Our demographic data showed that premanifest individuals near to HD onset were older, had a higher CAG expansion, and a higher UHDRS-TMS compared to premanifest HD gene carriers far from HD onset. These findings were expected, since age and CAG repeat length were used to calculate the expected years to HD onset according to the Langbehn formula . The higher UHDRS-TMS found in controls compared to premanifest individuals is probably due to the higher age of the participants in this group, which has been reported before . However, a linear regression analysis of the UHDRS-TMS as a function of age among controls did not show this correlation.
To our knowledge no study has been performed investigating the separate items of the oculomotor domain of the UHDRS in premanifest HD individuals and controls. Other cross-sectional reports using clinical oculomotor assessments only showed that premanifest individuals performed significantly worse compared to controls on the total score of the oculomotor domain of the UHDRS , and on the overall oculomotor function, saccade velocity, and optokinetic nystagmus of the Quantified Neurologic Examination . Our study did not find a difference for the total UHDRS oculomotor score between controls and premanifest individuals. This could be caused by a different definition used for premanifest HD individuals, which caused lower total oculomotor scores on the UHDRS-TMS in our study. Biglan et al.  used a diagnostic confidence level to identify premanifest individuals. As a result, individuals with an UHDRS-TMS higher than 5 were often defined as premanifest, because participants were only defined as manifest when the examiner was more than 98 percent confident the participant had signs of HD. Accordingly, patients with a relatively high UHDRS-TMS were categorized as premanifest rather than manifest, while those same patients would have been categorized as manifest in our study. Our study’s definition of premanifest HD, therefore, selects for lower UHDRS-TMS scores and, accordingly, the UHDRS total oculomotor scores were also lower in premanifest HD gene carriers in our study.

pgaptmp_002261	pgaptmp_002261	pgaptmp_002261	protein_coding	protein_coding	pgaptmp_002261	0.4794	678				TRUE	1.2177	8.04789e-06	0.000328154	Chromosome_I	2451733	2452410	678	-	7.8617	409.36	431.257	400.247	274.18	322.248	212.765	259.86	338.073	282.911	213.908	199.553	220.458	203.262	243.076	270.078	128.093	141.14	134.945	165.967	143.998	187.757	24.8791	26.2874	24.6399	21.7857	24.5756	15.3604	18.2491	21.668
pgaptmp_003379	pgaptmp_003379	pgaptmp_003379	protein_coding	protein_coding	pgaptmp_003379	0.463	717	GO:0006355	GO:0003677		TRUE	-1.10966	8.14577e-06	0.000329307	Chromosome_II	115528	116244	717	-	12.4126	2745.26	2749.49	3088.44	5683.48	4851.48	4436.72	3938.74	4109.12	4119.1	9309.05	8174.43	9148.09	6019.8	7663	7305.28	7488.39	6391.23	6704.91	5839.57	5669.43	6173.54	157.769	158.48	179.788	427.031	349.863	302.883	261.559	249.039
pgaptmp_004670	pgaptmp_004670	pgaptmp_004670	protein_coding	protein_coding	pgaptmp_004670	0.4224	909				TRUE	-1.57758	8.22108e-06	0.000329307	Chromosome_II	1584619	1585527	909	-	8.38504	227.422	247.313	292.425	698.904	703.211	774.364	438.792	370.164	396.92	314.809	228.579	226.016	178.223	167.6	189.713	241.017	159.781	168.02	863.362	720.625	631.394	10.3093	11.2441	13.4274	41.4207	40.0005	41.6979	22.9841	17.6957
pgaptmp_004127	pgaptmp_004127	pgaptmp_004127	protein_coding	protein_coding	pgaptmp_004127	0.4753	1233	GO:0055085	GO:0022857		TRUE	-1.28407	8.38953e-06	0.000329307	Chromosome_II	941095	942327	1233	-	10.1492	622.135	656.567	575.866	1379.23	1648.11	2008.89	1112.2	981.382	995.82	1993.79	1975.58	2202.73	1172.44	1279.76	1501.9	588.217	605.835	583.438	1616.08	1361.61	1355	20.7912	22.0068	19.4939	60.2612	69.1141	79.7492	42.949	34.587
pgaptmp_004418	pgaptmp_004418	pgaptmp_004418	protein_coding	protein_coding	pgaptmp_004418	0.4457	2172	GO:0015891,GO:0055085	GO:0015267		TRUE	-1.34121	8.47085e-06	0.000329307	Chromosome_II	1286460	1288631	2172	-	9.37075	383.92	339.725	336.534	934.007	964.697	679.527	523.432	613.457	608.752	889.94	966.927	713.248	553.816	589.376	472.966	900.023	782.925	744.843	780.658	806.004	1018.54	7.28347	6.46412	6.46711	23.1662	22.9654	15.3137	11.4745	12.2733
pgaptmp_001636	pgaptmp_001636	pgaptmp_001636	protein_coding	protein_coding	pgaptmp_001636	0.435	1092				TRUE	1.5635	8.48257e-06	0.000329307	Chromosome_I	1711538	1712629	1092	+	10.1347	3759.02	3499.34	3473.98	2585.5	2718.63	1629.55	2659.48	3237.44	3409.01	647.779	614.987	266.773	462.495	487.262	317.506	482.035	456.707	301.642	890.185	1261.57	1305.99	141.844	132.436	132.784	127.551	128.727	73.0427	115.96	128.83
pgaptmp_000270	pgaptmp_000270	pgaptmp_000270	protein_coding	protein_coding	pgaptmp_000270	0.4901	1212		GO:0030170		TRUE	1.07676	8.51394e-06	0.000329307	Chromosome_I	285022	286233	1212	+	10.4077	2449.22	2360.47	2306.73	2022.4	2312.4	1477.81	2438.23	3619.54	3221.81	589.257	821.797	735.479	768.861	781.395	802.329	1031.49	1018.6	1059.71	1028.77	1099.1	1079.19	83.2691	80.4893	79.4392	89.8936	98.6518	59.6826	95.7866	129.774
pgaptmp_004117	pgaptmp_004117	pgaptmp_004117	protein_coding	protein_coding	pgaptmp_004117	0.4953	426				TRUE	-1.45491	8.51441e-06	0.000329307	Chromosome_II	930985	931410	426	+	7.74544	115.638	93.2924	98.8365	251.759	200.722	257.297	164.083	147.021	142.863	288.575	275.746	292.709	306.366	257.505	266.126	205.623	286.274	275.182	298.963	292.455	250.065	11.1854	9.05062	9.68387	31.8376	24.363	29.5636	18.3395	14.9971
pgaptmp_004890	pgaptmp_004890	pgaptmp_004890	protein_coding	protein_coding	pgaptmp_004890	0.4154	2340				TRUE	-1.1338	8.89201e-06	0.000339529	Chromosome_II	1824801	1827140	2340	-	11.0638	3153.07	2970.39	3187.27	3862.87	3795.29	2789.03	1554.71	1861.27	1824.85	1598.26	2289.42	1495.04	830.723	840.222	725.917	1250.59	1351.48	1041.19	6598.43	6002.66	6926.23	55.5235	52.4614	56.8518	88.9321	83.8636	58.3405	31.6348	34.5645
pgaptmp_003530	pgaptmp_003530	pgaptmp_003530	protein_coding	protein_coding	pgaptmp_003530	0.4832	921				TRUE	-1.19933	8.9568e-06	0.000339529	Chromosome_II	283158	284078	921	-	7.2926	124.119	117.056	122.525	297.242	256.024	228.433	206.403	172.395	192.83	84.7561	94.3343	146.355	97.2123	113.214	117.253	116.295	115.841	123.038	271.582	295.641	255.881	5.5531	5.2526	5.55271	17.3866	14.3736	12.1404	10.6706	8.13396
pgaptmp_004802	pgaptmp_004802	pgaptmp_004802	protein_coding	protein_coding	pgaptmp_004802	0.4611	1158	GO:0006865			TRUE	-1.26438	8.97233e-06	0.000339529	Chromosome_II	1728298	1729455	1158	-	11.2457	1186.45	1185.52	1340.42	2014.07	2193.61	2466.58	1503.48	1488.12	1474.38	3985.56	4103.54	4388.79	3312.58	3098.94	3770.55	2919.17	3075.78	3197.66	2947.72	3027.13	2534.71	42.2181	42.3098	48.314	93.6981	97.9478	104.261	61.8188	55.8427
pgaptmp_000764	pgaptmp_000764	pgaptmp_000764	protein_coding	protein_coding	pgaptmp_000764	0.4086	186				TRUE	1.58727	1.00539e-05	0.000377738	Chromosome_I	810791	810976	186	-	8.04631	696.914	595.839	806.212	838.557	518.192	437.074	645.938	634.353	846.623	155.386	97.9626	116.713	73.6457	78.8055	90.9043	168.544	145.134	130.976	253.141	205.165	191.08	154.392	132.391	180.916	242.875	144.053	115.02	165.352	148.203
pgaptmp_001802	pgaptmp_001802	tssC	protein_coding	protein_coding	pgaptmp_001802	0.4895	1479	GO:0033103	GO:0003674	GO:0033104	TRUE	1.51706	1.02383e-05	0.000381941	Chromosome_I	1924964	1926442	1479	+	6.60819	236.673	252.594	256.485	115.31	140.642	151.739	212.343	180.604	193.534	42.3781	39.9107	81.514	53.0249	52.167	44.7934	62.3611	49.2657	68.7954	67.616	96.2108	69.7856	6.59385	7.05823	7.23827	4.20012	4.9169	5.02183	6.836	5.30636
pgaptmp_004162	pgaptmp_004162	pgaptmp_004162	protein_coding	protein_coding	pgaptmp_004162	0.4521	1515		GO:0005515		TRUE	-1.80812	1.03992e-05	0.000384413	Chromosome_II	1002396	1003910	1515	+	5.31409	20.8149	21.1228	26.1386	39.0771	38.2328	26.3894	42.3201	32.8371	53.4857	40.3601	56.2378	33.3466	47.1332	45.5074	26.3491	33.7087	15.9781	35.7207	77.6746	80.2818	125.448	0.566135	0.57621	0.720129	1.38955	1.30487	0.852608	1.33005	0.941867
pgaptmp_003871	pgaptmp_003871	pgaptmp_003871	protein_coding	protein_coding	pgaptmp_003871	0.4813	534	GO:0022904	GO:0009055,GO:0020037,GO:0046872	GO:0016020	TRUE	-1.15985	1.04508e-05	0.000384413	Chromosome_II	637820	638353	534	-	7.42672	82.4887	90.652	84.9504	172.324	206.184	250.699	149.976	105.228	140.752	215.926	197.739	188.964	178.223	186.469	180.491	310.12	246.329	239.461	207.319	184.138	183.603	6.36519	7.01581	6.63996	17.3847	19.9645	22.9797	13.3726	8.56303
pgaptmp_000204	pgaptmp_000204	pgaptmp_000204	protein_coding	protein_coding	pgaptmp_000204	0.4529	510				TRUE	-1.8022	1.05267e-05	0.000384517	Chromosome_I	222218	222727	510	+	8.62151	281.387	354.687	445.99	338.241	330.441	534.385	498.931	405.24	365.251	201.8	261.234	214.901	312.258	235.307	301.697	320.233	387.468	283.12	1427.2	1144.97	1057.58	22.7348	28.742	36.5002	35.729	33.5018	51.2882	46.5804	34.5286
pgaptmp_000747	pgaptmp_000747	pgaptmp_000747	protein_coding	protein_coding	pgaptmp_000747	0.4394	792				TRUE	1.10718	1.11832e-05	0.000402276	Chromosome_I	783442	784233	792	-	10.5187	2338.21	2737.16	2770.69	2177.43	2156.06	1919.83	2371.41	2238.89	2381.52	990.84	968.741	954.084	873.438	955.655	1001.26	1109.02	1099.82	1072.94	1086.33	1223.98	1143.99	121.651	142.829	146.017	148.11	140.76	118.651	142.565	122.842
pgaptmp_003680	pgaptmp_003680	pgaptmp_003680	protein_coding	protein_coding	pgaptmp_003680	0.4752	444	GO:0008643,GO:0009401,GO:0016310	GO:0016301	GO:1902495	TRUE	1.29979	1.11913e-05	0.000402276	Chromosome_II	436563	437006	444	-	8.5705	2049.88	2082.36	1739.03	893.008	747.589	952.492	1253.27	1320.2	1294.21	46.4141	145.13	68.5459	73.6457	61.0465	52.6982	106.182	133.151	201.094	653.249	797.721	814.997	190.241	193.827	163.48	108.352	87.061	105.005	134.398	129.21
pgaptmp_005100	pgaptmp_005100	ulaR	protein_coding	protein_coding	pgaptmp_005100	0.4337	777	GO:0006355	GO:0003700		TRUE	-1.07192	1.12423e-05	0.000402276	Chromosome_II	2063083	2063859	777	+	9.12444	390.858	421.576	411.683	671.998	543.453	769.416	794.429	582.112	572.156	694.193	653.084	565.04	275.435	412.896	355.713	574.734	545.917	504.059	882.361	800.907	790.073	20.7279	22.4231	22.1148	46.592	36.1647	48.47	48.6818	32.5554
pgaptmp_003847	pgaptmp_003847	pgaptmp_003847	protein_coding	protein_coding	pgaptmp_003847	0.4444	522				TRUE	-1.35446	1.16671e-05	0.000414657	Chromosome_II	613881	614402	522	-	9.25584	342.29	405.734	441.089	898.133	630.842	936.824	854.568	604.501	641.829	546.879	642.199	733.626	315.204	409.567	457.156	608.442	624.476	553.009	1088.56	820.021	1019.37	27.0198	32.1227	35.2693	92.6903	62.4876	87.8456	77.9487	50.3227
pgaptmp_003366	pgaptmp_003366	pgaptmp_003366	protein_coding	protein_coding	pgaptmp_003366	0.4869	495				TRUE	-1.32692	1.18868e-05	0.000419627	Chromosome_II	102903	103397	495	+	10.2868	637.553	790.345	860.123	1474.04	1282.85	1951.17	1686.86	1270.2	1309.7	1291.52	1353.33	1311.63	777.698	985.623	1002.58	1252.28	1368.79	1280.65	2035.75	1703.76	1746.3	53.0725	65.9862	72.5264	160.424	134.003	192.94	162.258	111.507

Differences found between controls and premanifest HD gene carriers are important, because they increase knowledge about early disease progression, and possibly indicate the first clinical signs present in premanifest HD. Since eye-tracking equipment is not practical in everyday clinical practice, it is relevant to know if the oculomotor items of the UHDRS are useful to detect early HD signs in patients. Our results suggest that horizontal ocular pursuit is the only affected oculomotor item in premanifest individuals and could be used to assess early clinical signs of HD in individuals who are at risk for developing HD. Vertical ocular pursuit was not significantly different between premanifest individuals close to disease onset and controls, but a trend was seen for this item as well. Horizontal and vertical saccade initiation, and horizontal and vertical saccade velocity did not show any differences between premanifest individuals and controls or between premanifest individuals close to disease onset and controls. Therefore these items of the UHDRS do not seem to contribute in detecting early disease signs. The fact that we did not find significant differences does not necessarily mean that they are not present, but might show that these items are not sensitive enough to defect deficits. Siesling et al.  also questioned the importance of the eye movements, because omitting saccade initiation and saccade velocity from the UHDRS-TMS only led to a small loss in correlation between the other items.